Do you know exactly where you are?

Image credit: Curtin University

Do you know exactly where you are?

Kan Wang from Curtin University. Image credit: Ross Swanborough

We all rely on GPS to tell us where we are and where we’re going. The US government’s global network of 30+ satellites guides planes, ships, cars, tractors and much more. The latest GPS systems can provide mm- to cm-accuracy using advanced equipment and technique.

But GPS isn’t the only game in town. There are other global systems, and regional systems that we can tap into.

Curtin University researchers have explored the potential of regional navigation satellite systems (RNSSs) for Western Australian users. Two such systems are the QZSS operated by Japan and the IRNSS operated by India.

“In areas with limited visibility of satellites form GNSSs, for L5-only RTK positioning, we found that utilising these RNSS signals in addition can largely improve the positioning results,” says Curtin University’s Kan Wang. “High-precision positioning is also possible in Western Australia using only the RNSS signals,” she says.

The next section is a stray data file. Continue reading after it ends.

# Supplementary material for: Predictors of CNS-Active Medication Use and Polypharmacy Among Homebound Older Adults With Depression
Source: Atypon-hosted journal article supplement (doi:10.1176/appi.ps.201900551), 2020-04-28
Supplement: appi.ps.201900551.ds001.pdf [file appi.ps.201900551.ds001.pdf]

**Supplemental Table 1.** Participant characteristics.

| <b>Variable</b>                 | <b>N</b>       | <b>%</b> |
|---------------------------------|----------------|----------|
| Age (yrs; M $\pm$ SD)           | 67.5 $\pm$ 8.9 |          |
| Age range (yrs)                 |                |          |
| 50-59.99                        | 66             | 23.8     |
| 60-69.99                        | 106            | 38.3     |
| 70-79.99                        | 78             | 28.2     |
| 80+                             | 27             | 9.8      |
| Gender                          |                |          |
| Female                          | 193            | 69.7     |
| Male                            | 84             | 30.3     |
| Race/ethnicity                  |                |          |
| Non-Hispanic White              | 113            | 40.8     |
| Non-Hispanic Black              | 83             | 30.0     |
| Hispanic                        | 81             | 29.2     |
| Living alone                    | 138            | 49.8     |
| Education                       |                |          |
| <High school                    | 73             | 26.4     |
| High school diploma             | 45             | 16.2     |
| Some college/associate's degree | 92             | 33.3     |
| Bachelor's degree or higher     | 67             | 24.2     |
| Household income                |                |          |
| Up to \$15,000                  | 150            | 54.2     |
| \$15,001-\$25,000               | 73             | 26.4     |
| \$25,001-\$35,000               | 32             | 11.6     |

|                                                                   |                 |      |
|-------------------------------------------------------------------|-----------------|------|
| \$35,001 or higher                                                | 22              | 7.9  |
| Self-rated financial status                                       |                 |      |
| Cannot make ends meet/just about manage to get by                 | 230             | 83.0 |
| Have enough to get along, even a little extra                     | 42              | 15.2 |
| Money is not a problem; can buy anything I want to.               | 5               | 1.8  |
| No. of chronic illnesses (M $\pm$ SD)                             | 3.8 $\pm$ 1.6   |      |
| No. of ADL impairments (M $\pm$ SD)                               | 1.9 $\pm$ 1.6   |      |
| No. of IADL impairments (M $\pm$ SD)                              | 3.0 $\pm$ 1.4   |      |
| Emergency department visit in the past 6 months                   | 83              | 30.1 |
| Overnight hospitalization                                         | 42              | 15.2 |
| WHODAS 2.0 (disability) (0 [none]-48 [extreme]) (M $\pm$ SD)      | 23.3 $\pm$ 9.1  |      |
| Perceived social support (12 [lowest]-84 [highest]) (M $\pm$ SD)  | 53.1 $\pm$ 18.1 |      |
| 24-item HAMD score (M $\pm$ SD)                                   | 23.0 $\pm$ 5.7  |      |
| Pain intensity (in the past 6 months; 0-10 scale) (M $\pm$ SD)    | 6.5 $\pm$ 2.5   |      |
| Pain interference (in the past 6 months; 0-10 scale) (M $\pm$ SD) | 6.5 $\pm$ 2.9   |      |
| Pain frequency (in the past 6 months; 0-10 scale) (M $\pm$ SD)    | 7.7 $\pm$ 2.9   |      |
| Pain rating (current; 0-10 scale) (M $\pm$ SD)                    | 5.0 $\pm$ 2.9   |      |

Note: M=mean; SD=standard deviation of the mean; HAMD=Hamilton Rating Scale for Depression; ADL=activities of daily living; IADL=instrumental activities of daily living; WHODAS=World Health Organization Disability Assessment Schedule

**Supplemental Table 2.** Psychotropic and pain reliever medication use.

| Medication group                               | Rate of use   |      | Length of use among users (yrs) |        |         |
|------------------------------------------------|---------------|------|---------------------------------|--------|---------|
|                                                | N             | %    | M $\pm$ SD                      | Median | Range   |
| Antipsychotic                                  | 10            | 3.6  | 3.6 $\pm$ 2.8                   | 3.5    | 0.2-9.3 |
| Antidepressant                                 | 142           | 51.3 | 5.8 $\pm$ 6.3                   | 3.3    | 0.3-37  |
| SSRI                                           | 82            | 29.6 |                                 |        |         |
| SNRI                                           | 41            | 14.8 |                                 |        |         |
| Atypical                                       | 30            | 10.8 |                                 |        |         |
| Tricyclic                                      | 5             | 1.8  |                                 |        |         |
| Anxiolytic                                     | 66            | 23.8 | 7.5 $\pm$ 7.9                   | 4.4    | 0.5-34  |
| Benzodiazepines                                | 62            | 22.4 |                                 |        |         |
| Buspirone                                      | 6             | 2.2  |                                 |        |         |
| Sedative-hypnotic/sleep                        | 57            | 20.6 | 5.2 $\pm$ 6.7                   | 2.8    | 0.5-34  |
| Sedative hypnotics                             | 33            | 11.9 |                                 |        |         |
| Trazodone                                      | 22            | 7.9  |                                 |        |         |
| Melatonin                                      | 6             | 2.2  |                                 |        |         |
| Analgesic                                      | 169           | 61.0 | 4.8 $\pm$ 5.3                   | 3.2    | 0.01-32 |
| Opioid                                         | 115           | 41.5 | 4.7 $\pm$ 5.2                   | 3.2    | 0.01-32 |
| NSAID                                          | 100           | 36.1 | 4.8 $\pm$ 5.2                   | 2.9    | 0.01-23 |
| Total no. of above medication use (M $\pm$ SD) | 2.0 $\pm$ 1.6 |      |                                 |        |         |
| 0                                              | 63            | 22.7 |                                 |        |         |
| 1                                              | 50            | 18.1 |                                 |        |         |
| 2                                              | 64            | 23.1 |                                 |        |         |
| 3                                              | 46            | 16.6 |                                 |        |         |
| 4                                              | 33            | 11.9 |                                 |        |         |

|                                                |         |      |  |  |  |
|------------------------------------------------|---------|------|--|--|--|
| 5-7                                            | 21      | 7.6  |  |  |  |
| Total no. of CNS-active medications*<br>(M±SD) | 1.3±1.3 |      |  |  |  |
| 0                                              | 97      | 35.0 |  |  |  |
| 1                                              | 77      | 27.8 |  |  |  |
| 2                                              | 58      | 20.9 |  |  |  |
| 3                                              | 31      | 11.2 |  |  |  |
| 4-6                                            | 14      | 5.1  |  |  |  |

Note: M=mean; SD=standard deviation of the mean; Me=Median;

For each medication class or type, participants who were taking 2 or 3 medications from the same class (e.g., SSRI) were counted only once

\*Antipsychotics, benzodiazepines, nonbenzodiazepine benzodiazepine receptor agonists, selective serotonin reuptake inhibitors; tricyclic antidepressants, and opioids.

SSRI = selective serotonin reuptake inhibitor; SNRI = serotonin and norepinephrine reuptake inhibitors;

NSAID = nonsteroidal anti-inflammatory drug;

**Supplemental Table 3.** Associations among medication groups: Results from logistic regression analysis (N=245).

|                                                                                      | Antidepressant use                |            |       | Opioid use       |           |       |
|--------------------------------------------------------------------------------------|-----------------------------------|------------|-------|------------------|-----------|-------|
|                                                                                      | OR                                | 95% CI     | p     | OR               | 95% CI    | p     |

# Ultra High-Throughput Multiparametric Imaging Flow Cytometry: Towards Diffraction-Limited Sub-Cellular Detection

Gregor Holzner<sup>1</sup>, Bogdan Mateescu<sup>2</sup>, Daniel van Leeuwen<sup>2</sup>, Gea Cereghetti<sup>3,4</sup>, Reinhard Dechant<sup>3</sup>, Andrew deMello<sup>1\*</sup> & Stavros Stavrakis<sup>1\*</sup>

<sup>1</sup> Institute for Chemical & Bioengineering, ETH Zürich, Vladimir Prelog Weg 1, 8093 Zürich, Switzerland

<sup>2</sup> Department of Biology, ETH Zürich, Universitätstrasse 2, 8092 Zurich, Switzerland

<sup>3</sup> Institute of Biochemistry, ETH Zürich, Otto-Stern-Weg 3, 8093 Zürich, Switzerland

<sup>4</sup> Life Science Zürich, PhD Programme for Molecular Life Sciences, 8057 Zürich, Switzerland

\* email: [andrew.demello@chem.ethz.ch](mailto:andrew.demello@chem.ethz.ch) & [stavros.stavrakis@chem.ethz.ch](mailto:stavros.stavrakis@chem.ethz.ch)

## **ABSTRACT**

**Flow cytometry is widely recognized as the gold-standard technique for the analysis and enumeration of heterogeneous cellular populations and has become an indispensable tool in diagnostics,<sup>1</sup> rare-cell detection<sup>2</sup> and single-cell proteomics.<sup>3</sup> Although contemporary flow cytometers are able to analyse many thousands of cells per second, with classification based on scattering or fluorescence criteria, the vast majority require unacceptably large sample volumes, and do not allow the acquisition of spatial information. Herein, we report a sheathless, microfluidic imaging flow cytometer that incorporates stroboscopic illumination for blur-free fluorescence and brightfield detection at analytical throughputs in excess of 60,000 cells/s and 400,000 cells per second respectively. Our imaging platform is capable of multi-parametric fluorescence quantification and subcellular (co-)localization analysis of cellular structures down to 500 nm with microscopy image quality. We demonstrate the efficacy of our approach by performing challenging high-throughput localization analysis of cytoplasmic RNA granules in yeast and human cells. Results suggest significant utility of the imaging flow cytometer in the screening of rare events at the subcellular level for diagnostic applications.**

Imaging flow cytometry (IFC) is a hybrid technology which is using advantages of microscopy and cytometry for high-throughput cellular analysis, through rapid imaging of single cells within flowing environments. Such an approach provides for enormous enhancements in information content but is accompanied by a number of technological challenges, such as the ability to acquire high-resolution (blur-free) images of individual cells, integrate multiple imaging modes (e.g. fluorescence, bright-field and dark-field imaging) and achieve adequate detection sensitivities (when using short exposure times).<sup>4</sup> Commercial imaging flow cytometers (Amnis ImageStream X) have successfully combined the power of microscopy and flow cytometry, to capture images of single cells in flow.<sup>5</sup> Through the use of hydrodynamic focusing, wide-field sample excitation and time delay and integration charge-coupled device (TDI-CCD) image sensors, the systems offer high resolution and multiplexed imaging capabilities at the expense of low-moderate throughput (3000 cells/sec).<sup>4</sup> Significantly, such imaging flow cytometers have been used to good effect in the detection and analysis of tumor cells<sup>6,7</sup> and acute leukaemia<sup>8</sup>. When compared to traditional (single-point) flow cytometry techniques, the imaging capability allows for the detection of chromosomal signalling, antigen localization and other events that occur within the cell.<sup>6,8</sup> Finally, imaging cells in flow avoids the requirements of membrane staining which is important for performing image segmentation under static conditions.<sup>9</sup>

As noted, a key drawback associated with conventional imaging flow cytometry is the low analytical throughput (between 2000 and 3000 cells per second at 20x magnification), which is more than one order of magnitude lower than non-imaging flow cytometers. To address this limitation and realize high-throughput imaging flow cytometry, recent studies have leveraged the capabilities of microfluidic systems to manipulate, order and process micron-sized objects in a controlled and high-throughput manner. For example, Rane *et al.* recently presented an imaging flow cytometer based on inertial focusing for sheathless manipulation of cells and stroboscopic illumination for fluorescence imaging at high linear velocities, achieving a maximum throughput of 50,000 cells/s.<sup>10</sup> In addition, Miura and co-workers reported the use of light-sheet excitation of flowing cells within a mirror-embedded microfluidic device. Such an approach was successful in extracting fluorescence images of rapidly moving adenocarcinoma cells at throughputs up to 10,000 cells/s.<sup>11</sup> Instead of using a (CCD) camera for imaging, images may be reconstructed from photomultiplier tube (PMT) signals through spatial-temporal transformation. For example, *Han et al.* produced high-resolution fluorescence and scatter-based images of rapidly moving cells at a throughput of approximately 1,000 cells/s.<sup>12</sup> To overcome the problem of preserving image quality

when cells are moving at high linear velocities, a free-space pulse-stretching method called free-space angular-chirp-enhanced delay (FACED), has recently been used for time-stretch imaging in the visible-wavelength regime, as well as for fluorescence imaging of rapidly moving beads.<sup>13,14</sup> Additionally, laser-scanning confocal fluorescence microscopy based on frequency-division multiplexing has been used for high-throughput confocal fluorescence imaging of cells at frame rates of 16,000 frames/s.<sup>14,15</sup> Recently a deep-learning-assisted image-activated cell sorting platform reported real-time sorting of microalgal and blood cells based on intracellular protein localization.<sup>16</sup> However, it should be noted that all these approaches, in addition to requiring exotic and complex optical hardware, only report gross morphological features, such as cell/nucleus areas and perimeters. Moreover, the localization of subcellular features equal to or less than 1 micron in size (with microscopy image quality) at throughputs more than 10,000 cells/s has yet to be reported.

The researchers found that using only the Japanese and India regional systems, they could achieve mm- to cm-precision for short-baseline RTK positioning. In environments requiring high elevation mask, the improvements in the single-frequency (L5) RTK positioning are shown to be significant adding the RNSS signals to those of the GPS and the Galileo.

They concluded that these regional services could complement GPS and benefit the Western Australian users in diverse positioning applications.

Skyplot of the QZSS (blue) and IRNSS satellites (red) on October 5, 2019 from the station CUT0 located in the Curtin University, Perth, Australia. The values in black are the azimuth angles (in degrees), and the values in magenta are the elevation angles (in degrees). An elevation cut-off angle of 10 degrees is set for the plot.
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